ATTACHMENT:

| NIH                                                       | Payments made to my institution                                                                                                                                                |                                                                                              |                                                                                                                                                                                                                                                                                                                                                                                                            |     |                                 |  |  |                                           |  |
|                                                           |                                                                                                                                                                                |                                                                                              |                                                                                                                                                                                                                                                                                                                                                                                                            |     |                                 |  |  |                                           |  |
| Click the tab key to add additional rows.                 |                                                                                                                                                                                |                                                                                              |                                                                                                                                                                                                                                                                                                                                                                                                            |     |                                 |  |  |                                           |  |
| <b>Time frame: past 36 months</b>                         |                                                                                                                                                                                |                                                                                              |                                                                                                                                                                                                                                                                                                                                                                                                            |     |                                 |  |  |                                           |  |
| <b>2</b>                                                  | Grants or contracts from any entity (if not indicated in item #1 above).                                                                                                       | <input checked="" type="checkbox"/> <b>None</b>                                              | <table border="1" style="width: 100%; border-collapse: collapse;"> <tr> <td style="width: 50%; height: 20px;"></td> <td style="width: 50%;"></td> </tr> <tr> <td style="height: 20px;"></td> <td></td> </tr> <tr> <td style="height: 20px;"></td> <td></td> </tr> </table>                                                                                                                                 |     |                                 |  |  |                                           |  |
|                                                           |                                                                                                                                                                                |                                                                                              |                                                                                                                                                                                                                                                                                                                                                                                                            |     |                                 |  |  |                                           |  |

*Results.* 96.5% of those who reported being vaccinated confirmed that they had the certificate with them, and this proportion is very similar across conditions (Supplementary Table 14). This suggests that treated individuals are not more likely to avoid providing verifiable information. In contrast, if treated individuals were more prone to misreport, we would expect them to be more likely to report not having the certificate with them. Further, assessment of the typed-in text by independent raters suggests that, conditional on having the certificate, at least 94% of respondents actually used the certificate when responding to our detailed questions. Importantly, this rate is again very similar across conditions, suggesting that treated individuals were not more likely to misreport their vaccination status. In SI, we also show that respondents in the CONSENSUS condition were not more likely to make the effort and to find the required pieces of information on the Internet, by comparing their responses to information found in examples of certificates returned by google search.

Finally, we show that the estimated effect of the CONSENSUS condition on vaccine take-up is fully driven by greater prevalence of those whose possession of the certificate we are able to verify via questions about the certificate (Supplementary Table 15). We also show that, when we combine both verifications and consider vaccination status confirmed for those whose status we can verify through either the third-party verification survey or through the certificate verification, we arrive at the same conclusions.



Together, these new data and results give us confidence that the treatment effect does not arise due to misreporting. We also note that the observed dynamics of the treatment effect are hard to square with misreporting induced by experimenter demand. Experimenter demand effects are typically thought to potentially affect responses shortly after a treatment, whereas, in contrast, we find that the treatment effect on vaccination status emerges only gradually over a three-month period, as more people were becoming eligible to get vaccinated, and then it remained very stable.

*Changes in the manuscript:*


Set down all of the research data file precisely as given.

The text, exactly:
| NIH                                                       | Payments made to my institution                                                                                                                                                |                                                                                              |                                                                                                                                                                                                                                                                                                                                                                                                            |     |                                 |  |  |                                           |  |
|                                                           |                                                                                                                                                                                |                                                                                              |                                                                                                                                                                                                                                                                                                                                                                                                            |     |                                 |  |  |                                           |  |
| Click the tab key to add additional rows.                 |                                                                                                                                                                                |                                                                                              |                                                                                                                                                                                                                                                                                                                                                                                                            |     |                                 |  |  |                                           |  |
| <b>Time frame: past 36 months</b>                         |                                                                                                                                                                                |                                                                                              |                                                                                                                                                                                                                                                                                                                                                                                                            |     |                                 |  |  |                                           |  |
| <b>2</b>                                                  | Grants or contracts from any entity (if not indicated in item #1 above).                                                                                                       | <input checked="" type="checkbox"/> <b>None</b>                                              | <table border="1" style="width: 100%; border-collapse: collapse;"> <tr> <td style="width: 50%; height: 20px;"></td> <td style="width: 50%;"></td> </tr> <tr> <td style="height: 20px;"></td> <td></td> </tr> <tr> <td style="height: 20px;"></td> <td></td> </tr> </table>                                                                                                                                 |     |                                 |  |  |                                           |  |
|                                                           |                                                                                                                                                                                |                                                                                              |                                                                                                                                                                                                                                                                                                                                                                                                            |     |                                 |  |  |                                           |  |

*Results.* 96.5% of those who reported being vaccinated confirmed that they had the certificate with them, and this proportion is very similar across conditions (Supplementary Table 14). This suggests that treated individuals are not more likely to avoid providing verifiable information. In contrast, if treated individuals were more prone to misreport, we would expect them to be more likely to report not having the certificate with them. Further, assessment of the typed-in text by independent raters suggests that, conditional on having the certificate, at least 94% of respondents actually used the certificate when responding to our detailed questions. Importantly, this rate is again very similar across conditions, suggesting that treated individuals were not more likely to misreport their vaccination status. In SI, we also show that respondents in the CONSENSUS condition were not more likely to make the effort and to find the required pieces of information on the Internet, by comparing their responses to information found in examples of certificates returned by google search.

Finally, we show that the estimated effect of the CONSENSUS condition on vaccine take-up is fully driven by greater prevalence of those whose possession of the certificate we are able to verify via questions about the certificate (Supplementary Table 15). We also show that, when we combine both verifications and consider vaccination status confirmed for those whose status we can verify through either the third-party verification survey or through the certificate verification, we arrive at the same conclusions.



Together, these new data and results give us confidence that the treatment effect does not arise due to misreporting. We also note that the observed dynamics of the treatment effect are hard to square with misreporting induced by experimenter demand. Experimenter demand effects are typically thought to potentially affect responses shortly after a treatment, whereas, in contrast, we find that the treatment effect on vaccination status emerges only gradually over a three-month period, as more people were becoming eligible to get vaccinated, and then it remained very stable.

*Changes in the manuscript:*